The seven planets are considered temperate, meaning that under certain geological and atmospheric conditions, all could possess conditions allowing water to remain liquid. Work, including the team's series of results, is now proceeding to pinpoint which of these temperate planets are most likely to be habitable.
Of the seven, TRAPPIST-1e, the fourth from the star, is currently the most akin to Earth although much remains to be known, notably the conditions at the surface, and whether it holds an atmosphere.
Dr Triaud continues, "When we combine our new masses with our improved radii measurements, and our improve knowledge of the star, we obtain precise densities for each of the seven worlds, and reach information on their internal composition. All seven planets remarkably resemble Mercury, Venus, our Earth, its Moon, and Mars."
Professor Brice-Olivier Demory, co-author at the University of Bern, added, "Densities, while important clues to the planets' compositions, do not say anything about habitability. However, our study is an important step forward as we continue to explore whether these planets could support life."
As part of this series of work, the team used the Hubble Space Telescope while the planets passed in front of their star, attempting to catch minute signals while starlight interacts with the planets' atmospheres.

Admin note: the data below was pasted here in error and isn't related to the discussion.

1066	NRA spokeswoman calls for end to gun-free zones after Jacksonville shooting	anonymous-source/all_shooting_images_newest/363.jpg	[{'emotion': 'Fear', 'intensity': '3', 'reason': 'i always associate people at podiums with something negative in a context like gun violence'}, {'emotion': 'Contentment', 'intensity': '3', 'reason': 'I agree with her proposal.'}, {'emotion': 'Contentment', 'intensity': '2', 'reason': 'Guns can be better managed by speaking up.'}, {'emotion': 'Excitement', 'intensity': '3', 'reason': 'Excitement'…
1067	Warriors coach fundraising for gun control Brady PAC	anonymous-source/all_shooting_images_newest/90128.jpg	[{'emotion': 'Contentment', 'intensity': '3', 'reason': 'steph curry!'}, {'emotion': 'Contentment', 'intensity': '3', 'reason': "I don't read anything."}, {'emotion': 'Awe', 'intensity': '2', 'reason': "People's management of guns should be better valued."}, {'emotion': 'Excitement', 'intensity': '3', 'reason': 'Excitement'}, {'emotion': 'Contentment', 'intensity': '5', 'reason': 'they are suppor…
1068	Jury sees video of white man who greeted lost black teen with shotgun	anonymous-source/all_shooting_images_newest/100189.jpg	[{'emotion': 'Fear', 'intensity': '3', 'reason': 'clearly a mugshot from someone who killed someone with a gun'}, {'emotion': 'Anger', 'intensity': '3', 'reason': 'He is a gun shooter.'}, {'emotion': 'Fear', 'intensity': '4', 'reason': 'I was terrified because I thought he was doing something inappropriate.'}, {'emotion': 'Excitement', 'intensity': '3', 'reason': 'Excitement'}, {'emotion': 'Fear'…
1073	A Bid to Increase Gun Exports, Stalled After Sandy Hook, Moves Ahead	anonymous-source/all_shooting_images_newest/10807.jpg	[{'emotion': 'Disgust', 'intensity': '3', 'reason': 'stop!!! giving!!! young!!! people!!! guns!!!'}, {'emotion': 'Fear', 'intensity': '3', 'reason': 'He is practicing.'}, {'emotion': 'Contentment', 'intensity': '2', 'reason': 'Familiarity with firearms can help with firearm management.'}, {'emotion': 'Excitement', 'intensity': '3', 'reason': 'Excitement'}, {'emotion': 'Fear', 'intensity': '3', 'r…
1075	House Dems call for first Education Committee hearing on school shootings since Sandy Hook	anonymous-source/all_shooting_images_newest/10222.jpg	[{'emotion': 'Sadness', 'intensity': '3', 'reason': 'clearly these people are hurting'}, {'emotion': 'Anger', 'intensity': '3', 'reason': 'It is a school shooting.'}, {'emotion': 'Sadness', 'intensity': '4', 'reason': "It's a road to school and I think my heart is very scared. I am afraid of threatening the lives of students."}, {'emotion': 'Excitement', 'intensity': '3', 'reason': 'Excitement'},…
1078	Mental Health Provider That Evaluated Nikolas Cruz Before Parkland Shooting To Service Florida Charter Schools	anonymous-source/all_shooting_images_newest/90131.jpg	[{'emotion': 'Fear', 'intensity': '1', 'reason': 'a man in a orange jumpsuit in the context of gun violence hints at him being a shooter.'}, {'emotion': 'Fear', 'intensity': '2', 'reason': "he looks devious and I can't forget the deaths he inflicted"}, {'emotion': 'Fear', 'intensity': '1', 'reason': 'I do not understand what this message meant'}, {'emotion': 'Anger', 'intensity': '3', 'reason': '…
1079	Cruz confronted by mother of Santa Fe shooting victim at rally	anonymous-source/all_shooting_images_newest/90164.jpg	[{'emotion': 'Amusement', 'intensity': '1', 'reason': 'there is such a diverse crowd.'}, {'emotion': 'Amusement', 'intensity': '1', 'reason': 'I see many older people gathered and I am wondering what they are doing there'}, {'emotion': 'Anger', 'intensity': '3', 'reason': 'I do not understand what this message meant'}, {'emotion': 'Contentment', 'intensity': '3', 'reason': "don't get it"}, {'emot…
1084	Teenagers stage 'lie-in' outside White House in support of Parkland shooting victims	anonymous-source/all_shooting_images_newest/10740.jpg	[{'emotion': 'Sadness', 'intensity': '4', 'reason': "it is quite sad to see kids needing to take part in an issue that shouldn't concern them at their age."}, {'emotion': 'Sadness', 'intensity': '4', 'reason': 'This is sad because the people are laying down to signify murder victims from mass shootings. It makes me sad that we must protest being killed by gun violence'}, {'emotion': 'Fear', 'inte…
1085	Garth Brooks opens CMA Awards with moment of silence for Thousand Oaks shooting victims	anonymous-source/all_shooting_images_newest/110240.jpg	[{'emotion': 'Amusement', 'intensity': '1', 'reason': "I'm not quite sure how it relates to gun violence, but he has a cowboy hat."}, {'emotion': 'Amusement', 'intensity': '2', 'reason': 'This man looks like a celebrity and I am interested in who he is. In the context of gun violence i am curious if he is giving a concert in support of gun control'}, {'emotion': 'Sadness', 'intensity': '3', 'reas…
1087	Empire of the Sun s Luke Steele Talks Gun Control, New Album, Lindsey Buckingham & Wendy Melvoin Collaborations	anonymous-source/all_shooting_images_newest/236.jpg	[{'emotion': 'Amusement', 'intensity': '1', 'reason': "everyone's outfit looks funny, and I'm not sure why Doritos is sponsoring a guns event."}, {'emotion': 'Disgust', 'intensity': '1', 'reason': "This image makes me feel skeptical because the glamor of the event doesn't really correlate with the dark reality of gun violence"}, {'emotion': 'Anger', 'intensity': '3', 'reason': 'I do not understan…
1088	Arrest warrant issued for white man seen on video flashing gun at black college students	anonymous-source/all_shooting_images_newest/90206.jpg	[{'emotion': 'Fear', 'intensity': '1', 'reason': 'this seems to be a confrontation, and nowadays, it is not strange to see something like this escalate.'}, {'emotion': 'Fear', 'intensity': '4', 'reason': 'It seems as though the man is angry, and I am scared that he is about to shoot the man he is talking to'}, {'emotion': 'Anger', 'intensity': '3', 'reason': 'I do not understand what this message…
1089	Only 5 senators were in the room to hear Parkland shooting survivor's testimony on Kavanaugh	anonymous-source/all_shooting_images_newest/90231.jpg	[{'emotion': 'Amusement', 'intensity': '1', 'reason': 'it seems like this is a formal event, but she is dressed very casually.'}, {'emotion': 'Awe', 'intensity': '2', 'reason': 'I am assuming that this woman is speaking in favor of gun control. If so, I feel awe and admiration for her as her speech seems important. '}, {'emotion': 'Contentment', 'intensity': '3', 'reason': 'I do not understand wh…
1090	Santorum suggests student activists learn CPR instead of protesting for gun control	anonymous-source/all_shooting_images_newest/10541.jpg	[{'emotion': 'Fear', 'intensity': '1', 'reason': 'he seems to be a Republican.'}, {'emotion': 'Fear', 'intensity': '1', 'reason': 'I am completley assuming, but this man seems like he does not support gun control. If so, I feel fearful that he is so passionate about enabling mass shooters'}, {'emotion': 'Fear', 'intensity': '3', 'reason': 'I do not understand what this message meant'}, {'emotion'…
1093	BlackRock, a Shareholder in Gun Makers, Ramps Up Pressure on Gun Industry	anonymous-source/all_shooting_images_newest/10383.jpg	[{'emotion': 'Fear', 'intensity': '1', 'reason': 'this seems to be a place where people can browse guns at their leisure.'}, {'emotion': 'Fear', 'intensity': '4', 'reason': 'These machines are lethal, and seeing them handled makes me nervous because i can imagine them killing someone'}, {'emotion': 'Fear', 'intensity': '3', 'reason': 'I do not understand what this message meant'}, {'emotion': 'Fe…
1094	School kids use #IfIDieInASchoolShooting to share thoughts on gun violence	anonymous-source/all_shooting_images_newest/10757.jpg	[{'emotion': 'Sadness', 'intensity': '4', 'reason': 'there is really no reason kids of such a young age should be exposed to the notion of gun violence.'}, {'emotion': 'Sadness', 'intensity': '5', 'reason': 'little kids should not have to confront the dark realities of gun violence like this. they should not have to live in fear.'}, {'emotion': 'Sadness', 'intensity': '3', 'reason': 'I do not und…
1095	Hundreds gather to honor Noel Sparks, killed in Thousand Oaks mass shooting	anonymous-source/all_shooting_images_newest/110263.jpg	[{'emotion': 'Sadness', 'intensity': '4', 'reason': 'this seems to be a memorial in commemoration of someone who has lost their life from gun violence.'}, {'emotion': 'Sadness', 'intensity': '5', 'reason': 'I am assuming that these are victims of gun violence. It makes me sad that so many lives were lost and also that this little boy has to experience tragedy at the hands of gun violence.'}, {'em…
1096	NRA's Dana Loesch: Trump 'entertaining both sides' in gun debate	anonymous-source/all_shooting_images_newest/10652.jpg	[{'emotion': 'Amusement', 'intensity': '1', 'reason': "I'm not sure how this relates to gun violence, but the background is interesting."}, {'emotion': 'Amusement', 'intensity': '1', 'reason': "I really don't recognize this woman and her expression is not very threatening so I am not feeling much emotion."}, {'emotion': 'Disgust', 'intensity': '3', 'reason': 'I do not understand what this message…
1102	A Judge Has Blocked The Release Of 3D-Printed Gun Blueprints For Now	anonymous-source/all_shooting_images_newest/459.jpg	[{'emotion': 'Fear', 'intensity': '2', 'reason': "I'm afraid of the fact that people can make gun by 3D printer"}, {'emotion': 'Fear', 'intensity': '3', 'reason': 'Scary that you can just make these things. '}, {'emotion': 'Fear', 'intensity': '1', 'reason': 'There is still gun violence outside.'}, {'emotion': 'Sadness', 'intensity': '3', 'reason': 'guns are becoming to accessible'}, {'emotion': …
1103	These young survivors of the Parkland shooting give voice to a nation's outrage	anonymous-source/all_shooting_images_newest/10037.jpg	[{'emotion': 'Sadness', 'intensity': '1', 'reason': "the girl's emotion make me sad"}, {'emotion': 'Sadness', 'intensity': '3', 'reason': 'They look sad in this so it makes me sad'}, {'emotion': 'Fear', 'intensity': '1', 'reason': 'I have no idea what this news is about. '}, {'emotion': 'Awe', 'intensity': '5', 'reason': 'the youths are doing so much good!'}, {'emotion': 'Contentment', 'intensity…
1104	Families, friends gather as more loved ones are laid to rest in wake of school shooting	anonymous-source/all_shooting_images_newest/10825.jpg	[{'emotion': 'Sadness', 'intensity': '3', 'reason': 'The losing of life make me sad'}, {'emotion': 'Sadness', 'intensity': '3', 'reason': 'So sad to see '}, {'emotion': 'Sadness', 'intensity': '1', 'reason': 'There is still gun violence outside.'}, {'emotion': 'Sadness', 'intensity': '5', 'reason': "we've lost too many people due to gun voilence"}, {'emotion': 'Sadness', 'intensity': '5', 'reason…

Their careful measurements found no evidence for hydrogen-dominated atmospheres on planets TRAPPIST-1d, e and f (b and c were done last year) although the hydrogen-dominated atmosphere cannot be ruled out for g. So far, the collected data is still consistent with, but cannot confirm whether the planets have atmospheres similar to Venus, or Earth. This identification will be carried out by new observations.
"Hubble is doing the preliminary reconnaissance work so that astronomers using Webb know where to start," said Nikole Lewis of the Space Telescope Science Institute (STScI) in Baltimore, Maryland, co-leader of the Hubble study. "Eliminating one possible scenario for the makeup of these atmospheres allows the Webb telescope astronomers to plan their observation programs to look for other possible scenarios for the composition of these atmospheres."